Tracy Chevalier’s seventh novel is a haunting, sweeping tale about endurance, belief, courage and the power of friendship.
Historical fiction at its very best, set during the final years of slavery.
She’s best known for her fictional historical tale about the re-imagined creation of the Dutch painter Vermeer’s iconic masterwork, Girl with a Pearl Earring. The film adaptation, starring Colin Firth and Scarlett Johannson, catapulted Chevalier into the spotlight and she has been publishing a new novel every few years since to great fanfare. The Last Runaway transports us back to 1850s America, a decade before the Civil War, and slavery is one of its central themes.
When Bristol-born Quaker Honor Bright’s childhood sweetheart breaks up their relationship to marry outside the faith, she leaves the community behind for a new life with her sister Grace, who is sailing to America to marry her fiancé. Tragedy strikes en route, and Honor finds herself wretchedly alone and vulnerable, depending on the kindness of strangers in the untamed landscape of the Ohio frontier. She’s befriended by the hard-drinking, liberal minded and gutsy Belle Mills, a milliner who rescues slaves. Honor also catches the attention of Belle’s disreputable brother Donovan, a charismatic slave hunter.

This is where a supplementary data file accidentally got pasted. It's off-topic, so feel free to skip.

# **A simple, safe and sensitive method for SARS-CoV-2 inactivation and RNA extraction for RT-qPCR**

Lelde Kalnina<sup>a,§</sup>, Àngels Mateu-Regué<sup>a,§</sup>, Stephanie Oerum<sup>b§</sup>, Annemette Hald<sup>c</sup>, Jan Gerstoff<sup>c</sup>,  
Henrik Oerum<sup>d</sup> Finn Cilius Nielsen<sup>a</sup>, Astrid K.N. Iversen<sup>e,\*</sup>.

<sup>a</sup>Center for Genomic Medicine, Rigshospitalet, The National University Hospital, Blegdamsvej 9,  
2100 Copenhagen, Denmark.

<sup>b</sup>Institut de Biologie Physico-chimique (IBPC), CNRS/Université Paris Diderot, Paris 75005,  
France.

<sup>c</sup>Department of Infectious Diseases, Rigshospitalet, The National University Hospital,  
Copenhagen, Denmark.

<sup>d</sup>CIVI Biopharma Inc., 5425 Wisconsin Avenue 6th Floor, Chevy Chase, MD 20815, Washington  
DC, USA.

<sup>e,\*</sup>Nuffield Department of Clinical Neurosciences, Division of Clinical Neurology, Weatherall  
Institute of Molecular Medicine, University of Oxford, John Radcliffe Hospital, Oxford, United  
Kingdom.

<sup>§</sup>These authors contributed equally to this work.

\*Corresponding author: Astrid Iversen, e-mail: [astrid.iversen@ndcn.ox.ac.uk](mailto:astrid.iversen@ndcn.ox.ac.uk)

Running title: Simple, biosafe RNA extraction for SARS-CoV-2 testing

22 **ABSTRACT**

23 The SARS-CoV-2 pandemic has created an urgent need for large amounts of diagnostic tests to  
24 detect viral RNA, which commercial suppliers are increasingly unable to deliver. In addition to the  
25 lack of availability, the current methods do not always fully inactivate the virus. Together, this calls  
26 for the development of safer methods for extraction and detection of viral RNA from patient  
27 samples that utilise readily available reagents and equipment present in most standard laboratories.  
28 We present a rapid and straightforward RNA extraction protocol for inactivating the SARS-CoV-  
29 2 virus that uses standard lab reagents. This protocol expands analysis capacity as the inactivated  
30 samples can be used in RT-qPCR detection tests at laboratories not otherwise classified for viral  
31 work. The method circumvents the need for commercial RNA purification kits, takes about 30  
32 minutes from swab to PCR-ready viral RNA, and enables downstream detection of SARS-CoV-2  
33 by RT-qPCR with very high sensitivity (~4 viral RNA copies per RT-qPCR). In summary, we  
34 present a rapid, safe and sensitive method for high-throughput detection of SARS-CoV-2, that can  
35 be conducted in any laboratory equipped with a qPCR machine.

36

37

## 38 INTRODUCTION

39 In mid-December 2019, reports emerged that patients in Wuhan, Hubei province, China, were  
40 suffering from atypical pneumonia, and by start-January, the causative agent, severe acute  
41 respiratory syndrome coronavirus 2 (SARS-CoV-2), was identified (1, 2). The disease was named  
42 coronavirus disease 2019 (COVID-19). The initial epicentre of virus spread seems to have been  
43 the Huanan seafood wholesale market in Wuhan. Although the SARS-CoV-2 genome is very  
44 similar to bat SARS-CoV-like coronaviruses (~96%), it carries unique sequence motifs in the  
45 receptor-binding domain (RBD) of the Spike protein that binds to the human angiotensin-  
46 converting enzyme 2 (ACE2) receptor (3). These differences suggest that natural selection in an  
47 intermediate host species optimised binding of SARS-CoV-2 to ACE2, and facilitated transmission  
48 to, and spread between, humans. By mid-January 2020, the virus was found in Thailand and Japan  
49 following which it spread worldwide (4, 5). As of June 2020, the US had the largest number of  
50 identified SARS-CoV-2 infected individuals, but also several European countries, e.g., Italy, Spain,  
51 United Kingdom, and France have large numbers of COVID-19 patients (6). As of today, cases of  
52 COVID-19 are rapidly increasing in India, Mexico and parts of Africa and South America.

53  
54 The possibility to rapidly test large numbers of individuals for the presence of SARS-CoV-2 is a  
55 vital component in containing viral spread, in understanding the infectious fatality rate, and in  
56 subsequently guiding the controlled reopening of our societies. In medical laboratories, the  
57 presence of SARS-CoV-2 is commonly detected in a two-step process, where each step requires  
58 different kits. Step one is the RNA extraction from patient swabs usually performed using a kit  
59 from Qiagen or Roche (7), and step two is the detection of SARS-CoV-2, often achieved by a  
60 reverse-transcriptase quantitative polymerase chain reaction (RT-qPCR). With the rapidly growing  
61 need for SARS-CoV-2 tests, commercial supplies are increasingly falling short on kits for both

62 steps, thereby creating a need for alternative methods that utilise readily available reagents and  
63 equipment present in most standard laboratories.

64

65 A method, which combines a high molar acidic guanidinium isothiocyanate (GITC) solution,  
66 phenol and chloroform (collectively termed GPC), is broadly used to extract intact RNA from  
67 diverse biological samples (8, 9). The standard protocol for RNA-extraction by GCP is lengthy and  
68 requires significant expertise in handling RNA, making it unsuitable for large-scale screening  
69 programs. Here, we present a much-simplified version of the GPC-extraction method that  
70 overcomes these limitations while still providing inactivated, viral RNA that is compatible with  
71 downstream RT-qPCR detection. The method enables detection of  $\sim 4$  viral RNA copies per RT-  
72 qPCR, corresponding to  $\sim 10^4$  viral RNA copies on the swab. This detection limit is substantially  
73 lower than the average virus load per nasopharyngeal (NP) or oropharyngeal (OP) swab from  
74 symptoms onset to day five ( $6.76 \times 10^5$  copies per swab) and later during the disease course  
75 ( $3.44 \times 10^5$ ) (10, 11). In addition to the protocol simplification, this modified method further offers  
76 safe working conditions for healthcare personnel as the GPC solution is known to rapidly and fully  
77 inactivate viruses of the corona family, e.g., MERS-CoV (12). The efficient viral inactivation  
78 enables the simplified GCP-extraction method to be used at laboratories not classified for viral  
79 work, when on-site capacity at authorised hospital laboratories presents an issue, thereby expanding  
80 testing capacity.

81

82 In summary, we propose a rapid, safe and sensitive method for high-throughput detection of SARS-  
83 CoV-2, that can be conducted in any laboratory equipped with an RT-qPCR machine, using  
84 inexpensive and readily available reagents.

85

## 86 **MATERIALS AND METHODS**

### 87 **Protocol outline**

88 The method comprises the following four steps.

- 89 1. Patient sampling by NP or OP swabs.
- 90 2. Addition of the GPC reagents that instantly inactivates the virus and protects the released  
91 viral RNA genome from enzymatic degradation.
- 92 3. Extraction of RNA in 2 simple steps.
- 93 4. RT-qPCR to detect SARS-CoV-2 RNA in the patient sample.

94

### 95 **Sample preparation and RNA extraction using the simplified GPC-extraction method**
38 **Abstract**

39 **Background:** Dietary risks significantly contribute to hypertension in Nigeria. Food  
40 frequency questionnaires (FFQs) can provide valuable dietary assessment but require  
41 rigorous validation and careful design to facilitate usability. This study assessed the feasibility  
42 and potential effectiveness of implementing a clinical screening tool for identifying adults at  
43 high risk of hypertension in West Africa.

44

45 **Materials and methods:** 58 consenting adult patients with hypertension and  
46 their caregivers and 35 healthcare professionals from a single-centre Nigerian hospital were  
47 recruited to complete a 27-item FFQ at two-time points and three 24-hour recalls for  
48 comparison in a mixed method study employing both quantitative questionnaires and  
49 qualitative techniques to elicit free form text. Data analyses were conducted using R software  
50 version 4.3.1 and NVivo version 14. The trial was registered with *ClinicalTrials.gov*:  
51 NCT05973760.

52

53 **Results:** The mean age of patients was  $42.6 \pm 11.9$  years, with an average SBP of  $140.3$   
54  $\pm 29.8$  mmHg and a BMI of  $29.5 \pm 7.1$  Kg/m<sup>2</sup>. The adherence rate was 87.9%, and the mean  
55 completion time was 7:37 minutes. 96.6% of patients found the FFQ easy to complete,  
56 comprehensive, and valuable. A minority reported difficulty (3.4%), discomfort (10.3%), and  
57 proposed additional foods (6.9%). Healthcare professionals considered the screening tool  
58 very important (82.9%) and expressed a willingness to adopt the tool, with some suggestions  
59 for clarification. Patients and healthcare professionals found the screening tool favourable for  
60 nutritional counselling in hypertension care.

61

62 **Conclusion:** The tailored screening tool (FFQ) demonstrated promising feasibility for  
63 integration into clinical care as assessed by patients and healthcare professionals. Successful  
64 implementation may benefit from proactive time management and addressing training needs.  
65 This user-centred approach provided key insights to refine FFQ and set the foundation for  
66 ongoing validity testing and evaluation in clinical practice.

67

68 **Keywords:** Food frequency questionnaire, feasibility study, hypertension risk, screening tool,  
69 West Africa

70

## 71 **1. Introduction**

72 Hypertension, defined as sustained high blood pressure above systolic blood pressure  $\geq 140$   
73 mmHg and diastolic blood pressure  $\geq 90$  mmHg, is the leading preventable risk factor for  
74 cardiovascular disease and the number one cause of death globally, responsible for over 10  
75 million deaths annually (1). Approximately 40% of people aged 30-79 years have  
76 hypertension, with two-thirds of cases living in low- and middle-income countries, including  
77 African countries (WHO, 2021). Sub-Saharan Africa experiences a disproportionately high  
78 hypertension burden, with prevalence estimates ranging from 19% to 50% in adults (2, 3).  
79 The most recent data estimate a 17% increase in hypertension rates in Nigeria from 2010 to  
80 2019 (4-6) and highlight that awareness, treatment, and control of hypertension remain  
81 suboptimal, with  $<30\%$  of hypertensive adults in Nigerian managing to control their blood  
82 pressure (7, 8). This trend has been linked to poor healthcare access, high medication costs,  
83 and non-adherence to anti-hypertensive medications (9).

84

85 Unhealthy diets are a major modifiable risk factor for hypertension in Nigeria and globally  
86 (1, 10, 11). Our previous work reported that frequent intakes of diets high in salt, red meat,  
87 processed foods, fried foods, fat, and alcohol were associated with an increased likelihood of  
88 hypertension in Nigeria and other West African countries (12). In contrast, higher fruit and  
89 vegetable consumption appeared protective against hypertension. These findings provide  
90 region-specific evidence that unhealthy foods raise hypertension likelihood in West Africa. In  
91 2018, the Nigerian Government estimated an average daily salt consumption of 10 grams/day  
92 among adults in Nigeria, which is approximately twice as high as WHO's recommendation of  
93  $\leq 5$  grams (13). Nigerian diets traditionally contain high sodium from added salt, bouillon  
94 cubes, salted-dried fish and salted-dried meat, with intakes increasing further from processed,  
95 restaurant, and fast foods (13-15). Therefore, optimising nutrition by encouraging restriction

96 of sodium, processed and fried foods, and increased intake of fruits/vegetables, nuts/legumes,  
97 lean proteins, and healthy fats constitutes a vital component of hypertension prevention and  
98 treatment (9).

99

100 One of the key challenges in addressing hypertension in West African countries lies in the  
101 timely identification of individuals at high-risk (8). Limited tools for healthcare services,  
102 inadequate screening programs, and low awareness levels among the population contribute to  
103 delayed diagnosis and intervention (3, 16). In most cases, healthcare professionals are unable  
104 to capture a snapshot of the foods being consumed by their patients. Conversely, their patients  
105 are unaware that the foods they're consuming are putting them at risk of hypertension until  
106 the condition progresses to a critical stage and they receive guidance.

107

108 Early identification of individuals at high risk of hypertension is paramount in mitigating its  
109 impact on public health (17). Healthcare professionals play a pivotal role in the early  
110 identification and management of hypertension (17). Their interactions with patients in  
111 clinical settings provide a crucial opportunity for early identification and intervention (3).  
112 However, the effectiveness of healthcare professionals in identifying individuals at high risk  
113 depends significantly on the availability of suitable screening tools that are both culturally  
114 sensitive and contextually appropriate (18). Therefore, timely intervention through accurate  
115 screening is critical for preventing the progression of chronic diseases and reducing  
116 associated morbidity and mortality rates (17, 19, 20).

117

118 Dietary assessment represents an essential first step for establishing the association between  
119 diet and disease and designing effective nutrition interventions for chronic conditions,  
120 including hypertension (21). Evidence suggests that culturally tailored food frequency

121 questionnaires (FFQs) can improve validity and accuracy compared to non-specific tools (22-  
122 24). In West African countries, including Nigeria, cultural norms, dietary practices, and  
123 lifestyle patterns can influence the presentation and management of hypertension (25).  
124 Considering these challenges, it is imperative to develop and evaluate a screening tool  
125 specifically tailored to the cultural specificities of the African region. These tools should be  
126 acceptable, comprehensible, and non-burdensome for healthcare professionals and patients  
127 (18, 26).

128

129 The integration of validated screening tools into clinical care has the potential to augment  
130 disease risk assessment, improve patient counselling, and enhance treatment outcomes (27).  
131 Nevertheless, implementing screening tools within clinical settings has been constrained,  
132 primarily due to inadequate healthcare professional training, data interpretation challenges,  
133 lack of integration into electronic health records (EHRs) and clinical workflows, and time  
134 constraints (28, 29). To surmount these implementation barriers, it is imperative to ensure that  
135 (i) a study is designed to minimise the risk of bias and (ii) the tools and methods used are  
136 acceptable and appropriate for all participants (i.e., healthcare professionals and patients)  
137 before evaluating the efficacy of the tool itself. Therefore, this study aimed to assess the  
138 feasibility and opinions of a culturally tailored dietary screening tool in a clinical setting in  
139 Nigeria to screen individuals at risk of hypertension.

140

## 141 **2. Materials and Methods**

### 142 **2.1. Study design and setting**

Through Belle, Honor becomes involved in the Underground Railroad (the route that fugitive slaves used to escape from the South to freedom in Canada), which creates a moral dilemma: she’s a law-abiding principled Quaker, the Slave Act has decreed it is illegal to assist a runaway slave, and there are heavy penalties. Honor finds herself defiantly grappling with her religion and the challenge of standing up for what she believes in.
Chevalier’s skill lies in her meticulous historical research and her ability to transport her readers to a dark time in American history, and to create a vivid story with page-turning intensity in her signature lucid style.
Farhana Gani is a founding editor of bookanista.com
Paperback 400 pages £5.99
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